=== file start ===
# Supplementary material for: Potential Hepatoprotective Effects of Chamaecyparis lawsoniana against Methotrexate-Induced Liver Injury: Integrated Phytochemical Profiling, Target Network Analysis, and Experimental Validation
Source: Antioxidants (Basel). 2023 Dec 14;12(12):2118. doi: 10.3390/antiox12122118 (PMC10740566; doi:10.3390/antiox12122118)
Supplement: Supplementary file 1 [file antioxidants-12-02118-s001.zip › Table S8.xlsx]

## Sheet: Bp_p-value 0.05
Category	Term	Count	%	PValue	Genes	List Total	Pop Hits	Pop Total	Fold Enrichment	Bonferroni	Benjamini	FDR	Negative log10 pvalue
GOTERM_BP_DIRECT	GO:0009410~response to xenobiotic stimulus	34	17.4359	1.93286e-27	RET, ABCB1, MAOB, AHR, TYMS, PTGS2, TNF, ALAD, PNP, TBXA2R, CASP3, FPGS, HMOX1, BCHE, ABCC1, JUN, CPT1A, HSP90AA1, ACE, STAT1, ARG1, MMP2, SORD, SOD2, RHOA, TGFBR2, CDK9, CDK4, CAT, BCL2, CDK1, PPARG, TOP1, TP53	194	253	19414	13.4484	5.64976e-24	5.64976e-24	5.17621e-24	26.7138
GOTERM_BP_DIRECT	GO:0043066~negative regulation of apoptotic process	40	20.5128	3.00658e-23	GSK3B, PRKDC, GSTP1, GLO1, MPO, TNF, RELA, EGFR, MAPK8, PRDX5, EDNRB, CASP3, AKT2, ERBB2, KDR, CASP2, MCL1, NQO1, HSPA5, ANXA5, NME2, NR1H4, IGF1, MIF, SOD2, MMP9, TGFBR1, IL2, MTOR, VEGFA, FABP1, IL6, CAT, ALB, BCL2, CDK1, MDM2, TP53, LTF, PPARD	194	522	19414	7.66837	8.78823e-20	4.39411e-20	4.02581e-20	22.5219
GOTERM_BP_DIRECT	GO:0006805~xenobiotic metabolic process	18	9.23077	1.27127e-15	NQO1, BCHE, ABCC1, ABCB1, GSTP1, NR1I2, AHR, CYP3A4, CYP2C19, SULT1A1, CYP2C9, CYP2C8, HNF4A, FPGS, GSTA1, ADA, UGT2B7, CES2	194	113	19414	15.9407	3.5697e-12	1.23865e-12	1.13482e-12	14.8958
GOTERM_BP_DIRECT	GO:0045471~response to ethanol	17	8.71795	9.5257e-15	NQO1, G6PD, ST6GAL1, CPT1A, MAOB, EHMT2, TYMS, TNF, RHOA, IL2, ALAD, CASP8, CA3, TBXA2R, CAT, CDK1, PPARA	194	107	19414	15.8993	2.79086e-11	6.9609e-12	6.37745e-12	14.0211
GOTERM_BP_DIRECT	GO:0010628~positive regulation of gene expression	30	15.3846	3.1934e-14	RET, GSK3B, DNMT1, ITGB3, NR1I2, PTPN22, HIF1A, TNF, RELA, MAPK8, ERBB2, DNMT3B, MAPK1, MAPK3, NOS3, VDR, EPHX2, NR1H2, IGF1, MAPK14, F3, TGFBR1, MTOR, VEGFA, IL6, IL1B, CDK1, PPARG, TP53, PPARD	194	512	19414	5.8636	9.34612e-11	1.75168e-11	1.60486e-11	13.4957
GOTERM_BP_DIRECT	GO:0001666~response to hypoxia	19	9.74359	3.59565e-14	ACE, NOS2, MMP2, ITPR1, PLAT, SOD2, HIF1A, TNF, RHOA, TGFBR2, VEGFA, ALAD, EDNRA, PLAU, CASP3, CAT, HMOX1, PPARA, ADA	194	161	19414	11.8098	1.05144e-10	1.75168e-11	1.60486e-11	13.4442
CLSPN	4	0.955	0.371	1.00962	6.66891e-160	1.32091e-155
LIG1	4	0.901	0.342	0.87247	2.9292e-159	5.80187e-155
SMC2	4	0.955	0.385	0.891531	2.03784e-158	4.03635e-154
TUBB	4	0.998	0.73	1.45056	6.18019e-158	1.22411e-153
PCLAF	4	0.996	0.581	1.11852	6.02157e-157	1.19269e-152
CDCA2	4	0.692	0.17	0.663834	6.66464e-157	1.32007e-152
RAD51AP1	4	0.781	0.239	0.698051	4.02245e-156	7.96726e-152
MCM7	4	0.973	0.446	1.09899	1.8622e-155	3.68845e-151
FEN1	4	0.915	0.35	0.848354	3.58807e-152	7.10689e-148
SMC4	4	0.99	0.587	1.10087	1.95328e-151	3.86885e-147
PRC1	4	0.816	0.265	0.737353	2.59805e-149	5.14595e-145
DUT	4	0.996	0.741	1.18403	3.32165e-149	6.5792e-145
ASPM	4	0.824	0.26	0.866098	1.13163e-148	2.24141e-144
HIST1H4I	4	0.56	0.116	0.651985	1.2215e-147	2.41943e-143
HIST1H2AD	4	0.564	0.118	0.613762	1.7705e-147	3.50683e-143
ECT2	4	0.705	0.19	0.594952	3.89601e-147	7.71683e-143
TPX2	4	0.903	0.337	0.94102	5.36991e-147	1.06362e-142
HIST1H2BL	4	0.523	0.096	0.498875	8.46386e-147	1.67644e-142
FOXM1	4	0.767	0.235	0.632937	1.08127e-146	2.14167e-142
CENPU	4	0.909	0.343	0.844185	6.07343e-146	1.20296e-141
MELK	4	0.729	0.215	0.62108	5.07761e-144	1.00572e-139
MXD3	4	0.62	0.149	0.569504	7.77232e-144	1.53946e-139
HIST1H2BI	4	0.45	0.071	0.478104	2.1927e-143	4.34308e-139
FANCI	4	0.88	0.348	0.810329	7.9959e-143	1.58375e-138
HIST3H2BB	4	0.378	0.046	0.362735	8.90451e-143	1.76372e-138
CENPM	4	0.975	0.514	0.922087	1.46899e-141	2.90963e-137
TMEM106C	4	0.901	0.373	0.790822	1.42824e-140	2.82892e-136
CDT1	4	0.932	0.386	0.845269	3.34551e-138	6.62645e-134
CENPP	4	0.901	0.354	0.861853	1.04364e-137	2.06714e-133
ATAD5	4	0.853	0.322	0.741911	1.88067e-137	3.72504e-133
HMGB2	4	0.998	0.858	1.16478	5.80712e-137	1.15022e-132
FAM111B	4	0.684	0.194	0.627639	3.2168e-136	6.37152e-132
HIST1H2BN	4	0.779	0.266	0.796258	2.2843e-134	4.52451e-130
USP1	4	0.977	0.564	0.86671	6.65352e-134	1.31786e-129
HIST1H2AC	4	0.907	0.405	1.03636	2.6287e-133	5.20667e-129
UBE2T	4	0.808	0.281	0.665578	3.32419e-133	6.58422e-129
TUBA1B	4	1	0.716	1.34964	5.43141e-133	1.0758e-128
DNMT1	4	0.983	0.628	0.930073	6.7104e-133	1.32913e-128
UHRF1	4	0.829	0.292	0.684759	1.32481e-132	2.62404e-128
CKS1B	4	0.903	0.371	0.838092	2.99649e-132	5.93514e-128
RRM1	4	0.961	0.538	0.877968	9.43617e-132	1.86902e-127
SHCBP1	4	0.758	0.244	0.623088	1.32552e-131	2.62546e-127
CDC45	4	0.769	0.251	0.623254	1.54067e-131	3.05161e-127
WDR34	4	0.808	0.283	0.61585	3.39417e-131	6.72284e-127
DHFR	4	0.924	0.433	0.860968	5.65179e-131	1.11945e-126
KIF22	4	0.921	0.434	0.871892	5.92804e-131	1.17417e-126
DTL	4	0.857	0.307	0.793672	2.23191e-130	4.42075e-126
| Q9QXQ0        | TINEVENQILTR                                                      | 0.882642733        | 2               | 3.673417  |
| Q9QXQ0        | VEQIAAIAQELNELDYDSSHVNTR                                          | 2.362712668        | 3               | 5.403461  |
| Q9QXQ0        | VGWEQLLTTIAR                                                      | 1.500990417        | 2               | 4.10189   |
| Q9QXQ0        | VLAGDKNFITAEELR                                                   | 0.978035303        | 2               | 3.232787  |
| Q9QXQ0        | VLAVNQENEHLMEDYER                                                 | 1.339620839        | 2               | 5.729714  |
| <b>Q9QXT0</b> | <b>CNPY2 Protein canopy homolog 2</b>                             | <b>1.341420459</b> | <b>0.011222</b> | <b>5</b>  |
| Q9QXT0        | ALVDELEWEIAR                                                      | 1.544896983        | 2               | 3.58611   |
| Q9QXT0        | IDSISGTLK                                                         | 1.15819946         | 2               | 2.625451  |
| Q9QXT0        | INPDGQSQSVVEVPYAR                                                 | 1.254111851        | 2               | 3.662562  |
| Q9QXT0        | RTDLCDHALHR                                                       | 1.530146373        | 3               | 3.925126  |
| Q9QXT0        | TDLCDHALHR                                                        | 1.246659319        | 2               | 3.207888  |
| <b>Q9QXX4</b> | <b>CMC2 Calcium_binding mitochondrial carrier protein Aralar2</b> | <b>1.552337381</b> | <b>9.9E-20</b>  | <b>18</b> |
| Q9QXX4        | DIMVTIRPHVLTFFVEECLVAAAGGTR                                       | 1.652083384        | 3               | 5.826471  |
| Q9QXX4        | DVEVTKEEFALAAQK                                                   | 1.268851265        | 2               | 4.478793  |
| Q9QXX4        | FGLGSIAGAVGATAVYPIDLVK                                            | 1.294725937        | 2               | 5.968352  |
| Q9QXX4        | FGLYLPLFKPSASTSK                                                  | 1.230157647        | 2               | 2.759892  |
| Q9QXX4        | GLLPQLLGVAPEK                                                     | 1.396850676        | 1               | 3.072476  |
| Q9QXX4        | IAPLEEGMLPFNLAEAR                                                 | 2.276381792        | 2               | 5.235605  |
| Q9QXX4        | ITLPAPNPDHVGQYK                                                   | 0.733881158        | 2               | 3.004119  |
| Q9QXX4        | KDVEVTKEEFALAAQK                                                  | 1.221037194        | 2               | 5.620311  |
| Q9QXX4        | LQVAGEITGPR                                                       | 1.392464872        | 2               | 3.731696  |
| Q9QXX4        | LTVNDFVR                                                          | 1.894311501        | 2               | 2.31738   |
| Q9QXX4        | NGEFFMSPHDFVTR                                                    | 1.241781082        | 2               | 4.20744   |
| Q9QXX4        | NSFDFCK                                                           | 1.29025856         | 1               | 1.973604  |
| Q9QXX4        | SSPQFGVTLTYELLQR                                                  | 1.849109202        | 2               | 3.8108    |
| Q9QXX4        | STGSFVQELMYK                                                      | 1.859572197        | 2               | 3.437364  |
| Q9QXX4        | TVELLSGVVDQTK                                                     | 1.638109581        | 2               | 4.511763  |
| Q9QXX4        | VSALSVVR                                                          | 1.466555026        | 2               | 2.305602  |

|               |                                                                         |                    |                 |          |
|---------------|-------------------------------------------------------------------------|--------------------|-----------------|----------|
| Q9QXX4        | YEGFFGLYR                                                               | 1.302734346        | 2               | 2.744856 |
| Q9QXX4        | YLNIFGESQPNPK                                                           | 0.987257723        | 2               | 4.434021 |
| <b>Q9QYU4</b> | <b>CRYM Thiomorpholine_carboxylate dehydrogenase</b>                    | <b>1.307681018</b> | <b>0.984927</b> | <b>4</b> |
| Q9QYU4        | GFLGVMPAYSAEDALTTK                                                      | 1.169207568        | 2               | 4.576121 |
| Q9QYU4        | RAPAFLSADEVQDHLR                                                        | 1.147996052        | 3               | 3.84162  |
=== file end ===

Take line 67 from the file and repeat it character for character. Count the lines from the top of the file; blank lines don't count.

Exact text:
| Q9QXT0        | INPDGQSQSVVEVPYAR                                                 | 1.254111851        | 2               | 3.662562  |